Here’s the hard truth that people need to understand — live-action adaptations will never be perfect replications of their source material. It’s just too difficult; the mediums are too different. It can take days to read a book. Most movies are only a few hours long. 

It gets even more complicated with long-running comics. When you’re challenged with making sense of multiple timelines and character reboots, it’s often easier to make something new.

That’s why movies like Speed Racer work. The Wachowski’s didn’t try to adapt 50+ episodes of anime into a 2-hour film; they told an original story that had the soul and spirit of its source material.

Look, I get it. It isn’t easy to compartmentalize our feelings when something we love is altered. People tend to prefer whatever they were exposed to first regarding a creative piece of work. I tried my best when I watched the Netflix Death Note, and I still wound up hating it because I couldn’t help but compare it to the manga.

That’s a big reason why adaptations get so much negative feedback. If you change too much, the hardcore fans will get upset. If you don’t change enough, the film won’t work. It’s a delicate balance that most adaptations struggle to achieve.

While I’m not awaiting Cowboy Bebop with bated breath, it’s important to understand that it will not be exactly like the anime. Some changes might work out in the long run; some of them may not.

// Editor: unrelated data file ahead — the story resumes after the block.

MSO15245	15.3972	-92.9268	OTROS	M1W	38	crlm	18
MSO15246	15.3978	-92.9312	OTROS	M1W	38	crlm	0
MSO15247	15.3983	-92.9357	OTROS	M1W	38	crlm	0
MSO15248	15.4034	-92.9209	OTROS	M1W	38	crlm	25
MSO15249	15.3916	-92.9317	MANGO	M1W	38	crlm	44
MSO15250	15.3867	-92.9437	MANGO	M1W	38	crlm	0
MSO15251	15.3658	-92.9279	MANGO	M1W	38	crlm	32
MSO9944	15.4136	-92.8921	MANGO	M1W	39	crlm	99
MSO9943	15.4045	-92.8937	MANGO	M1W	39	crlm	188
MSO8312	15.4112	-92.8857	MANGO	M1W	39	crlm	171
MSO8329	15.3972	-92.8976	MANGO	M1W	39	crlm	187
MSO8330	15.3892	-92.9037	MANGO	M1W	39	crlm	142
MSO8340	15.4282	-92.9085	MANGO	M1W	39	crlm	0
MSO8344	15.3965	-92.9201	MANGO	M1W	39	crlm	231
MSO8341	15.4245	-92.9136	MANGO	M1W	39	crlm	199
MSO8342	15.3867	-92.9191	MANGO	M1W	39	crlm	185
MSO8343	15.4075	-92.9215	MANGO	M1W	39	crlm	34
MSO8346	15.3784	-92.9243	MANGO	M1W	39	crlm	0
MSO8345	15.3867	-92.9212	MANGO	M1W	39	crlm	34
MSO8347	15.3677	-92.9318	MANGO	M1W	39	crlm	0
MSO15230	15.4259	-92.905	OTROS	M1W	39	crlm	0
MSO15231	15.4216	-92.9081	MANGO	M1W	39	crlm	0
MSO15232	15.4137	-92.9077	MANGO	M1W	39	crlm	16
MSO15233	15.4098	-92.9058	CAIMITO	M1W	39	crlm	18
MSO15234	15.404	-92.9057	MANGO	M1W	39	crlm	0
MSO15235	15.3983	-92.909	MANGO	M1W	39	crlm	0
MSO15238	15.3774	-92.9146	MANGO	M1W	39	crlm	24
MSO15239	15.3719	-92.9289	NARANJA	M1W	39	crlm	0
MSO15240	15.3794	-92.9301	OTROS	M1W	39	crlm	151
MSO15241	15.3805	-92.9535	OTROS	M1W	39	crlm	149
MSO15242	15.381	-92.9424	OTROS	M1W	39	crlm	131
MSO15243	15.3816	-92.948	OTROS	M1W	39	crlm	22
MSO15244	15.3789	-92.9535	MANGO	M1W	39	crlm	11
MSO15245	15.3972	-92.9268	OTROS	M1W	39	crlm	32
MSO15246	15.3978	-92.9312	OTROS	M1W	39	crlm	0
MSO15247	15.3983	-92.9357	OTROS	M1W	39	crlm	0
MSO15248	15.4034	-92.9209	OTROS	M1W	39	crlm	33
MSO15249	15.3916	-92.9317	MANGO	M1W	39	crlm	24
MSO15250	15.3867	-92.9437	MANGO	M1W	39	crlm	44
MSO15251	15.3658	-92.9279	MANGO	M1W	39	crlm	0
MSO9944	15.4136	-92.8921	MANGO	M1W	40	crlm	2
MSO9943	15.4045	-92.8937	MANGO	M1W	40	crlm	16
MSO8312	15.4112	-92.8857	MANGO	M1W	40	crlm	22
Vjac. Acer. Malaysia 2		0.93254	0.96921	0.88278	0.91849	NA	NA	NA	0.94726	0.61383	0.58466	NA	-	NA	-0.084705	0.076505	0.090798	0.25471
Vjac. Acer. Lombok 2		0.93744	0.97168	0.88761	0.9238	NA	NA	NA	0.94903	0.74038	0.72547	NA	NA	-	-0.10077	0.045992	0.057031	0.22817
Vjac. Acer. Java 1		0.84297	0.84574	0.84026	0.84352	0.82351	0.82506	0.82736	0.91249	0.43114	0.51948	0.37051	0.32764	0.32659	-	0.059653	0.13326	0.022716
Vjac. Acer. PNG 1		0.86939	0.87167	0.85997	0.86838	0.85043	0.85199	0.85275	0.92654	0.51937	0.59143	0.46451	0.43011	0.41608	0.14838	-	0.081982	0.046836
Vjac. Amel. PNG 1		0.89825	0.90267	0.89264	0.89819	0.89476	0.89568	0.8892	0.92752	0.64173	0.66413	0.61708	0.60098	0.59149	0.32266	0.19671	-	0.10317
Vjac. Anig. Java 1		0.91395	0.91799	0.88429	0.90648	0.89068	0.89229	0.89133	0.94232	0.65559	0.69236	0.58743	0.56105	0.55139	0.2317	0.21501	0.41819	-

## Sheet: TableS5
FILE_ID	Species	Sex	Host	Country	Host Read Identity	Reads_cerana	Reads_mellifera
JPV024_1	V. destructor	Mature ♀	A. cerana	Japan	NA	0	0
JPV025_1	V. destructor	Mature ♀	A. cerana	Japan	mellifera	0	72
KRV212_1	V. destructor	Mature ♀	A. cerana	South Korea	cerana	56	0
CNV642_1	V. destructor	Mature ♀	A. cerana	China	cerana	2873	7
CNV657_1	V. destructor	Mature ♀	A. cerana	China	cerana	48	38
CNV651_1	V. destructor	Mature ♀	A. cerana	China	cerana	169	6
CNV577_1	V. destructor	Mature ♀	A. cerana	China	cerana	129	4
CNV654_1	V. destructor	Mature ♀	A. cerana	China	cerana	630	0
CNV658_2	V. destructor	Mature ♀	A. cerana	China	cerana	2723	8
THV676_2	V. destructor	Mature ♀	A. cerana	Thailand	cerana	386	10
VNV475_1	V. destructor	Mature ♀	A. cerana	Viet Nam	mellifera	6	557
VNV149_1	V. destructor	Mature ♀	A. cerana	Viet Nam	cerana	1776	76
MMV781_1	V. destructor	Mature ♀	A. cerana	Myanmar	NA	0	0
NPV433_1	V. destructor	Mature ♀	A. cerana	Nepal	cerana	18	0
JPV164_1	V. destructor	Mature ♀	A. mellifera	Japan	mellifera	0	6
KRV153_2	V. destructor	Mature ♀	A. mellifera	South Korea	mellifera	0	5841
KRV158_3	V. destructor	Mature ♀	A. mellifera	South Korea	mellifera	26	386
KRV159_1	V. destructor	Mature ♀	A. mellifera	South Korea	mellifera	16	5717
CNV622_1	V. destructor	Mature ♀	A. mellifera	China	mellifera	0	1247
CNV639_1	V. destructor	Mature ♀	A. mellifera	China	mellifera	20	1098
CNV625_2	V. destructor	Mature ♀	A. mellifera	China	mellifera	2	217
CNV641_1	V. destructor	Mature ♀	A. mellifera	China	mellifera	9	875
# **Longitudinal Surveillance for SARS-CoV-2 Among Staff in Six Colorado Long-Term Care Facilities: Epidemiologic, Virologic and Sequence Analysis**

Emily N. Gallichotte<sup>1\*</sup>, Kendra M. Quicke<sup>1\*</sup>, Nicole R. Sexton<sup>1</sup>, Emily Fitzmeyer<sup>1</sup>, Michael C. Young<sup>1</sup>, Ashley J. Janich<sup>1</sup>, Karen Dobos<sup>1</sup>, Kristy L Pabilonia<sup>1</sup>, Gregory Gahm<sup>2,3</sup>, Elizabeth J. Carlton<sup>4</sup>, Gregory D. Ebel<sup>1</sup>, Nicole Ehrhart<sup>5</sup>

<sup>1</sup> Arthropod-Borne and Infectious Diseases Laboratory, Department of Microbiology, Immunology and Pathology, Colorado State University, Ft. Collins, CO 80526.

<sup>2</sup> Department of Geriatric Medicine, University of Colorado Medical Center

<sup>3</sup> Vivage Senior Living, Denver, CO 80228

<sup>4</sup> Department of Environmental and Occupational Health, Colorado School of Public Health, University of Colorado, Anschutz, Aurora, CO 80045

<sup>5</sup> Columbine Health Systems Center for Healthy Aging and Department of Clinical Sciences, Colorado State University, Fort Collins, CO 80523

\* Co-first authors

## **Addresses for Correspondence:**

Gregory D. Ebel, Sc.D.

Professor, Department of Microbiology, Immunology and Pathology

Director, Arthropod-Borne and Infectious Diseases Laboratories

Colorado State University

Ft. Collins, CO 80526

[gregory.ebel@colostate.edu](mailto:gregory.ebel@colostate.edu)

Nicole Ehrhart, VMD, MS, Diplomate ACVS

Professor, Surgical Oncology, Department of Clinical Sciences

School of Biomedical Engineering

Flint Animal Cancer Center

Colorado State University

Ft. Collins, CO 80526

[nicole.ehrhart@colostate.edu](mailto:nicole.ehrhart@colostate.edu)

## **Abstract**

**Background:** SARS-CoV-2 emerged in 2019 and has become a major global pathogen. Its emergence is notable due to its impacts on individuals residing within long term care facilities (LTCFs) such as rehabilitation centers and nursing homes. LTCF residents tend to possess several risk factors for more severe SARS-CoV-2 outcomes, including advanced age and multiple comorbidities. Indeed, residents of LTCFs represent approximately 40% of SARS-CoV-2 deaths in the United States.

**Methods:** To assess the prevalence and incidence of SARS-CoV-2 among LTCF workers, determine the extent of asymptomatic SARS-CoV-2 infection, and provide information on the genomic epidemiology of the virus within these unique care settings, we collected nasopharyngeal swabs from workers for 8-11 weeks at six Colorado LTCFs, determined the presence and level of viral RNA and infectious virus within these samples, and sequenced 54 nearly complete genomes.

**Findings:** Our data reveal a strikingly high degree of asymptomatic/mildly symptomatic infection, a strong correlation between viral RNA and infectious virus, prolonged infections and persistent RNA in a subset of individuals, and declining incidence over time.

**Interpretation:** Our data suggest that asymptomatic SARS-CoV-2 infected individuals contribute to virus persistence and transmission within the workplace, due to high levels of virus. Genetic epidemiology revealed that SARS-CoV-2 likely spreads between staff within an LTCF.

And that’s okay.

At the very least, I’m confident that we will never have another disaster on the level of Dragonball Evolution. That movie pissed off Akira Toriyama so much that he made Dragonball: Super. Although, now that I think about it, maybe they should do that with Ouran High School Host Club — make a film so terrible it manifests another season of the anime. And if they make something good, we still win. There are literally no downsides here.

With live-action anime adaptations, it’s always better to maintain realistic expectations. If you don’t get your hopes up too high, you’ll be less disappointed later on. You’re also more likely to have something exceed your expectations this way, which is quite pleasant. 

I know we like to bitch about movies and TV shows but at the end of the day, if you don’t like something, maybe you should stop watching it. 

Unless it’s Dragonball Evolution. We should all hate-watch and mock that shitshow forever.

Side note: While writing this, Netflix announced a live-action adaptation of Yu Yu Hakusho, a show about a boy who becomes a spirit detective and beats the shit out of supernatural entities (or something). We’ll see how that works out. I’m going to assume it won’t. However, I did see someone suggest they cast Timothee Chalamet as Yusuke. I don’t know why, but I’d be okay with that.

Luna Hollenbeck
Luna Hollenbeck
Luna Hollenbeck is a woman of many takes, most of which are weird. If you manage to get any words in with her, you'd probably get a 12 hour discussion on the topic of Dokkoida!?. Outside of that, she's smart and kind but more blunt than a magical, talking bullheaded roll of weed.